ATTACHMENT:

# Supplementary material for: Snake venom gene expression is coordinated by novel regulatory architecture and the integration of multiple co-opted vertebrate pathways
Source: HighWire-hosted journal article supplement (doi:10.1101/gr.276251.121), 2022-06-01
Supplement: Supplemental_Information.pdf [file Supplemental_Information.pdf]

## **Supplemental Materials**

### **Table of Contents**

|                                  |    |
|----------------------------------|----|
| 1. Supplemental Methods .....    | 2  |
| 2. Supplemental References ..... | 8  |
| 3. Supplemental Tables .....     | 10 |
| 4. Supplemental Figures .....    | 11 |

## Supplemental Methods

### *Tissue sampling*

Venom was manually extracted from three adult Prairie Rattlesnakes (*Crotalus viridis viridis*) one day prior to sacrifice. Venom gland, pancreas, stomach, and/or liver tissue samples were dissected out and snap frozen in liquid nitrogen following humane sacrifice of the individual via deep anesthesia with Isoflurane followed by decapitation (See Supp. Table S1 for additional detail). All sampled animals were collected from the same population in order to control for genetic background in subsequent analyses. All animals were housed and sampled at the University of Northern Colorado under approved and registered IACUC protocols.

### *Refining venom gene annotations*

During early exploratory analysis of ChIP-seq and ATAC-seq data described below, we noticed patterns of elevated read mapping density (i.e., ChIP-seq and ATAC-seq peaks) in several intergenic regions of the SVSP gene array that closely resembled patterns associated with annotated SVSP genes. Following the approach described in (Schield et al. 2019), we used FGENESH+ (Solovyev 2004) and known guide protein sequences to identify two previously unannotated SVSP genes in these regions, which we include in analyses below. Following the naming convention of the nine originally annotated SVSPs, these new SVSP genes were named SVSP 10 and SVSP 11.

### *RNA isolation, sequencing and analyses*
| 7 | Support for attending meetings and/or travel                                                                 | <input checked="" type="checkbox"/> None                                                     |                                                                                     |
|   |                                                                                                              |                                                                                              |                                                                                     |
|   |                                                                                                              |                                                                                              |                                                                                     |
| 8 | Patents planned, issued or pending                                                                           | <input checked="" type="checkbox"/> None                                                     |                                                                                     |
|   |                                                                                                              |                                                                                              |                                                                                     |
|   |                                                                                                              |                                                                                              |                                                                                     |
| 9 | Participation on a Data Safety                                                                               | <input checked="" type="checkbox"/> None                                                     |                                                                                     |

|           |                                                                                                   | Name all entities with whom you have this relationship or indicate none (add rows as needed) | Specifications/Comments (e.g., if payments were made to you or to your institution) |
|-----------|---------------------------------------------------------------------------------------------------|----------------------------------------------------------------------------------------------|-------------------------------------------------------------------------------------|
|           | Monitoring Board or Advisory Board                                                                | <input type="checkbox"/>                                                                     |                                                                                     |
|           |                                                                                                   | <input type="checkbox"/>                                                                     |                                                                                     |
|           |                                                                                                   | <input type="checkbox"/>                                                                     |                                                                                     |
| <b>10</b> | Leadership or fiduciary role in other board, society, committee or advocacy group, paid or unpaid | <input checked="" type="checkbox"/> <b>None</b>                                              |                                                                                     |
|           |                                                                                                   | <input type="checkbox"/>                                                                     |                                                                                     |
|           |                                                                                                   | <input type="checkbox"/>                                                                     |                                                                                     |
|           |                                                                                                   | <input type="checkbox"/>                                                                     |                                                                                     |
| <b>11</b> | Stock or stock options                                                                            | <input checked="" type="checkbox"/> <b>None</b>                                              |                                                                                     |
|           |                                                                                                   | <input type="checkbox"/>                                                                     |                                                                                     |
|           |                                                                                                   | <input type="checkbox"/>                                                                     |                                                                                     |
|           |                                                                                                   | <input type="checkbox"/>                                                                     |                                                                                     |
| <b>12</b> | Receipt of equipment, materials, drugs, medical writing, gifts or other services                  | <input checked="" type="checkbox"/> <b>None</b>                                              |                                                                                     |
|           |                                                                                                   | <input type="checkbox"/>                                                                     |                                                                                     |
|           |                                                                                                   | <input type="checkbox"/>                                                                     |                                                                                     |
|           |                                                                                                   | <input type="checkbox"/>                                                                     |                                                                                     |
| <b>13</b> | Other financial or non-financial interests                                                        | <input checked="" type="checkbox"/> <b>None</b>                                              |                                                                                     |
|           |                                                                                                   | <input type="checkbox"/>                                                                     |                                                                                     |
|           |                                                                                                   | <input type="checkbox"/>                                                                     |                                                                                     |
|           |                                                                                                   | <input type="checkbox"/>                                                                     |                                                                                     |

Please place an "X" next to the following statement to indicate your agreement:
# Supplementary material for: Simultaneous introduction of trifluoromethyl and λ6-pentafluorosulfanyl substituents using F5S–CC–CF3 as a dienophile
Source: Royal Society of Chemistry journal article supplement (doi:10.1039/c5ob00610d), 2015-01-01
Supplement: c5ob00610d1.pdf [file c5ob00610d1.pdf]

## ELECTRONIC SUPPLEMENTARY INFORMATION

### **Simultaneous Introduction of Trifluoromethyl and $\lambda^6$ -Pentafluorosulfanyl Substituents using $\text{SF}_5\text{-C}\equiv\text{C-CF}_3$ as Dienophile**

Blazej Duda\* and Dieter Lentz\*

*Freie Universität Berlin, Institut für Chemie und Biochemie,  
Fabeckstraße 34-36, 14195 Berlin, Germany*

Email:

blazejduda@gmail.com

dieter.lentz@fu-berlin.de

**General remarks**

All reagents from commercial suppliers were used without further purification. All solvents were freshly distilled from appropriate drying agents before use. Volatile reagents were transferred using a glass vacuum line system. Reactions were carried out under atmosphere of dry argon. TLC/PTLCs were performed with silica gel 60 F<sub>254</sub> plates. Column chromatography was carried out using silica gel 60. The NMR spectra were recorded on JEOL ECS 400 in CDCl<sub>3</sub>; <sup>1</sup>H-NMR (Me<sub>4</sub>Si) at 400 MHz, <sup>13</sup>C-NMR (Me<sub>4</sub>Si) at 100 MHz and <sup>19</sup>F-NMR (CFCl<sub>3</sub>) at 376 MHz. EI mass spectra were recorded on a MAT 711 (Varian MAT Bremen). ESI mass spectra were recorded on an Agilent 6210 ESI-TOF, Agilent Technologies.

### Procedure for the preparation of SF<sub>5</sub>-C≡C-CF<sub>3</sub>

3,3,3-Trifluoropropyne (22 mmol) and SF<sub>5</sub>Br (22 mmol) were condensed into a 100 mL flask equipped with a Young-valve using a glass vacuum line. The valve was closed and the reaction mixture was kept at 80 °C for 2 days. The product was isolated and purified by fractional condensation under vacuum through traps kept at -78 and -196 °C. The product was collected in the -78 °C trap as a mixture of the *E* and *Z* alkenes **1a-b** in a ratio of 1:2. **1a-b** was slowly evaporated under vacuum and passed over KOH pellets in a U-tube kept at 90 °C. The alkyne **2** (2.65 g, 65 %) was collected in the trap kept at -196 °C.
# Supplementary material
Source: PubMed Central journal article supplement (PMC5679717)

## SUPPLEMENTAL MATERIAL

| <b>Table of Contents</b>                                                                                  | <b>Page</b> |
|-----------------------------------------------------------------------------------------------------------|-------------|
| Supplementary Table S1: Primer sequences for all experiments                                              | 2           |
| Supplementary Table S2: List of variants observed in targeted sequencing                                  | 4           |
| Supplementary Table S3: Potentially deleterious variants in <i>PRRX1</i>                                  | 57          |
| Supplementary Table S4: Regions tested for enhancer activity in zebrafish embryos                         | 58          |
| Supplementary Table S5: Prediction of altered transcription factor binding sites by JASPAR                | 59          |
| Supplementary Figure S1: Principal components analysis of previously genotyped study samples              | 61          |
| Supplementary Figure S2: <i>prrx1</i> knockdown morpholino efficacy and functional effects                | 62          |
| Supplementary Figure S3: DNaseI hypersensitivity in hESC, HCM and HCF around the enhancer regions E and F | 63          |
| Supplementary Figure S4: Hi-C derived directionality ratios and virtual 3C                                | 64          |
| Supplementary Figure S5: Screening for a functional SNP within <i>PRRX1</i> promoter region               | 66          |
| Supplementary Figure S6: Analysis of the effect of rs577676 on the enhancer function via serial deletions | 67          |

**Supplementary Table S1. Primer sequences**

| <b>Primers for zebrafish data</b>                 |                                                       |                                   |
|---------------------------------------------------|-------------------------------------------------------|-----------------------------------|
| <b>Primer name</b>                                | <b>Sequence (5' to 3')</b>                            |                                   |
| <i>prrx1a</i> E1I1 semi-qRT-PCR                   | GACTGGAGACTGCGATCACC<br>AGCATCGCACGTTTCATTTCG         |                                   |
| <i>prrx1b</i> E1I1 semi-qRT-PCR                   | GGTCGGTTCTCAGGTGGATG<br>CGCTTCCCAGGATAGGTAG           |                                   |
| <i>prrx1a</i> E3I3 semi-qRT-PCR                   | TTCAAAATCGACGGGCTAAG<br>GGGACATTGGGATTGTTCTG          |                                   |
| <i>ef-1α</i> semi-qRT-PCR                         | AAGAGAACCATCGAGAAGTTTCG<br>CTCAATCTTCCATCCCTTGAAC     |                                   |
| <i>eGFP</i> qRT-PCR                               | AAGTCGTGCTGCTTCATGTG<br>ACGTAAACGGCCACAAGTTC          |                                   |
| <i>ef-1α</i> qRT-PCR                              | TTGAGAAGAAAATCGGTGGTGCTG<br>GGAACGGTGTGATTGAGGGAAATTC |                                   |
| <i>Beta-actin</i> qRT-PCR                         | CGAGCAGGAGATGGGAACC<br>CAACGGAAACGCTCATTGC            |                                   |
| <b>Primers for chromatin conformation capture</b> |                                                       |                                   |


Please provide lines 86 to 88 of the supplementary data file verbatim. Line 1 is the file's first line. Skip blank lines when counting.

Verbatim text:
| <i>eGFP</i> qRT-PCR                               | AAGTCGTGCTGCTTCATGTG<br>ACGTAAACGGCCACAAGTTC          |                                   |
| <i>ef-1α</i> qRT-PCR                              | TTGAGAAGAAAATCGGTGGTGCTG<br>GGAACGGTGTGATTGAGGGAAATTC |                                   |
| <i>Beta-actin</i> qRT-PCR                         | CGAGCAGGAGATGGGAACC<br>CAACGGAAACGCTCATTGC            |                                   |